He is helped, of course, by the script. Poetry can often leave me cold but Dylan Thomas’s words are incredibly descriptive and engaging. Masterson embellishes them with acting that never flinches from being physical and facial expressions that roam from imbecilic to coquettish, downtrodden to triumphant. And he does it with only one prop: a chair.
Special mention should also be made of the soundtrack, where music and sound effects help create atmosphere and add clarity throughout the performance.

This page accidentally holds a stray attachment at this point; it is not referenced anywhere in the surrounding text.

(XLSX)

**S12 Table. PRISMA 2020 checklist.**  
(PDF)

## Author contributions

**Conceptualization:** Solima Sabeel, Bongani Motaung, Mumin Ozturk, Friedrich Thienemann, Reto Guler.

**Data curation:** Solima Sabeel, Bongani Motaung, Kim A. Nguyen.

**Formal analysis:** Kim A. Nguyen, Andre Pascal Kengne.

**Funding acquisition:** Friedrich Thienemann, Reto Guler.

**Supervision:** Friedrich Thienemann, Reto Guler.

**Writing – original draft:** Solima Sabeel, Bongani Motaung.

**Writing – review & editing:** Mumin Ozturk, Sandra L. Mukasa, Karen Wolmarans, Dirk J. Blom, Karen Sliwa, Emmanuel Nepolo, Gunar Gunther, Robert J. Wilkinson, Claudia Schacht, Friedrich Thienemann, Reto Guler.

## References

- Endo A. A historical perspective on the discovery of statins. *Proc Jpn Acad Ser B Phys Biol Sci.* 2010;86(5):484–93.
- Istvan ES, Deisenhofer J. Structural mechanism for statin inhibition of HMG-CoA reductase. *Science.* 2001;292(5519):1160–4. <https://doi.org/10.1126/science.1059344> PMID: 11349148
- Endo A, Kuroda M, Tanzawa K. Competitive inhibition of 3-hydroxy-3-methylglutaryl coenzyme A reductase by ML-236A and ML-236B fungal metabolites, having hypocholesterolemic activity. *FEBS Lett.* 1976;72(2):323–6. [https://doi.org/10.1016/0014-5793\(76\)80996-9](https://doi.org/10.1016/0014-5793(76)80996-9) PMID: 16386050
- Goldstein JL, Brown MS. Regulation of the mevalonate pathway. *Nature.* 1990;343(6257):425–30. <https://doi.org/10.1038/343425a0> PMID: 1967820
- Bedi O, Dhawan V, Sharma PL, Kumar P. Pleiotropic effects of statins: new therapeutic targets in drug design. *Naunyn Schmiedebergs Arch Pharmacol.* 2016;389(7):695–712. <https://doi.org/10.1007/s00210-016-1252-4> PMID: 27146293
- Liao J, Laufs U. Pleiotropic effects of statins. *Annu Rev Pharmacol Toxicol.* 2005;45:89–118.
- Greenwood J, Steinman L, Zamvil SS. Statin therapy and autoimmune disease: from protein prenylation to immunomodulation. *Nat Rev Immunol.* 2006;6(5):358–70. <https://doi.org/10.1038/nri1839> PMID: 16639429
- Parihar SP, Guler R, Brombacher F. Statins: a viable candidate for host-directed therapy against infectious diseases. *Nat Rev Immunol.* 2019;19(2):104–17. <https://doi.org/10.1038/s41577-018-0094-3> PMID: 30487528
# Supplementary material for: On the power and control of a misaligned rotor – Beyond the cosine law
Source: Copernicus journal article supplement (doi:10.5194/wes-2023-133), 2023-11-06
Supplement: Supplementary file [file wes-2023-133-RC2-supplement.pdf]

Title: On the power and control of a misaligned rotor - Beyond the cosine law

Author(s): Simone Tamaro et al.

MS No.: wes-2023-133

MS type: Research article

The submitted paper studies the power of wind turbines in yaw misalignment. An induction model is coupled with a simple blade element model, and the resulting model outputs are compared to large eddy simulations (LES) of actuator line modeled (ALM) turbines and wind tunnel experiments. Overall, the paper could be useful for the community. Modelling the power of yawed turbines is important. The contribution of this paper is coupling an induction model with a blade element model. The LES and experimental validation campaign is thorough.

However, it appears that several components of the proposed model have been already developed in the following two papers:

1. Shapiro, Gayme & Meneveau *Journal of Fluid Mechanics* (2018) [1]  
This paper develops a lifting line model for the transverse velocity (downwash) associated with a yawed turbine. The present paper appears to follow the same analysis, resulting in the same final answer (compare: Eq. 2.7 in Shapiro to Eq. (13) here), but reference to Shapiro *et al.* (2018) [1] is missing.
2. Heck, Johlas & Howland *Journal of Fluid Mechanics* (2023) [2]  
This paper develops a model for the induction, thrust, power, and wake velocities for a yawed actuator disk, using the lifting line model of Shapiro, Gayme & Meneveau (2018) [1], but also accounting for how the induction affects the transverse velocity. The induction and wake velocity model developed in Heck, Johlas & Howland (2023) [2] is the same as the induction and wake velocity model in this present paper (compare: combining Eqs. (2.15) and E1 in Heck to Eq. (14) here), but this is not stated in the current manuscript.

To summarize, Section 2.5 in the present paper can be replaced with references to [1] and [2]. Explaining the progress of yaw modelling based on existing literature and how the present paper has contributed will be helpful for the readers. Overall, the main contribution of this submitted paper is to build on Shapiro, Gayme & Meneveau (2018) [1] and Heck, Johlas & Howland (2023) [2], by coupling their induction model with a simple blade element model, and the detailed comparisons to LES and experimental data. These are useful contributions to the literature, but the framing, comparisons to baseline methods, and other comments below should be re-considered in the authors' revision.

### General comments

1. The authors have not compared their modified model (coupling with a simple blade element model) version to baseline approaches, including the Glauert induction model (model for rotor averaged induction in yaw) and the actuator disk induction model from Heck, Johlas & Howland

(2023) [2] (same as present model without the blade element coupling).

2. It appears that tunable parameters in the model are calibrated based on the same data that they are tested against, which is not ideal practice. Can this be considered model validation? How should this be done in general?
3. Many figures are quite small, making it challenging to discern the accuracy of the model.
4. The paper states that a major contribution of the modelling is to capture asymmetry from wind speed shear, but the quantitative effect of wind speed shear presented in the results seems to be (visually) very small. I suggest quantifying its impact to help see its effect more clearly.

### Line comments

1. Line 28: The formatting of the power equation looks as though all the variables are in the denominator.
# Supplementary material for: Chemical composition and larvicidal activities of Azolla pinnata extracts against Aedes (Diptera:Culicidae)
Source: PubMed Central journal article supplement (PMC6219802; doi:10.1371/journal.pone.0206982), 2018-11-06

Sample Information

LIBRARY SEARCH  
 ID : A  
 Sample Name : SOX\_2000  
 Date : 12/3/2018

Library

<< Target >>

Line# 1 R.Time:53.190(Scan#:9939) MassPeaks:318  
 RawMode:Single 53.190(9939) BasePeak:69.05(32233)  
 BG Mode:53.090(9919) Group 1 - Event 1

I’m reminded of the day in the mid nineties when I first heard the song Hallelujah, sung by Jeff Buckley. I loved it and that became the definitive version for me, surpassing even writer Leonard Cohen’s version. However, I have also come to appreciate other versions (I think there are at least eight versions on my iPod) and they all have their own merits (except for Alexandra Burke’s!). The same applies here. If you don’t know the poem (or is it a play?) already, you’ll enjoy discovering the beauty of Thomas’s language. If you’ve read it but haven’t heard the Burton version, you’ll love the way the story is told. And if you’re familiar with Burton, don’t let that put you off seeing this treatment – it’s a treat in a different way.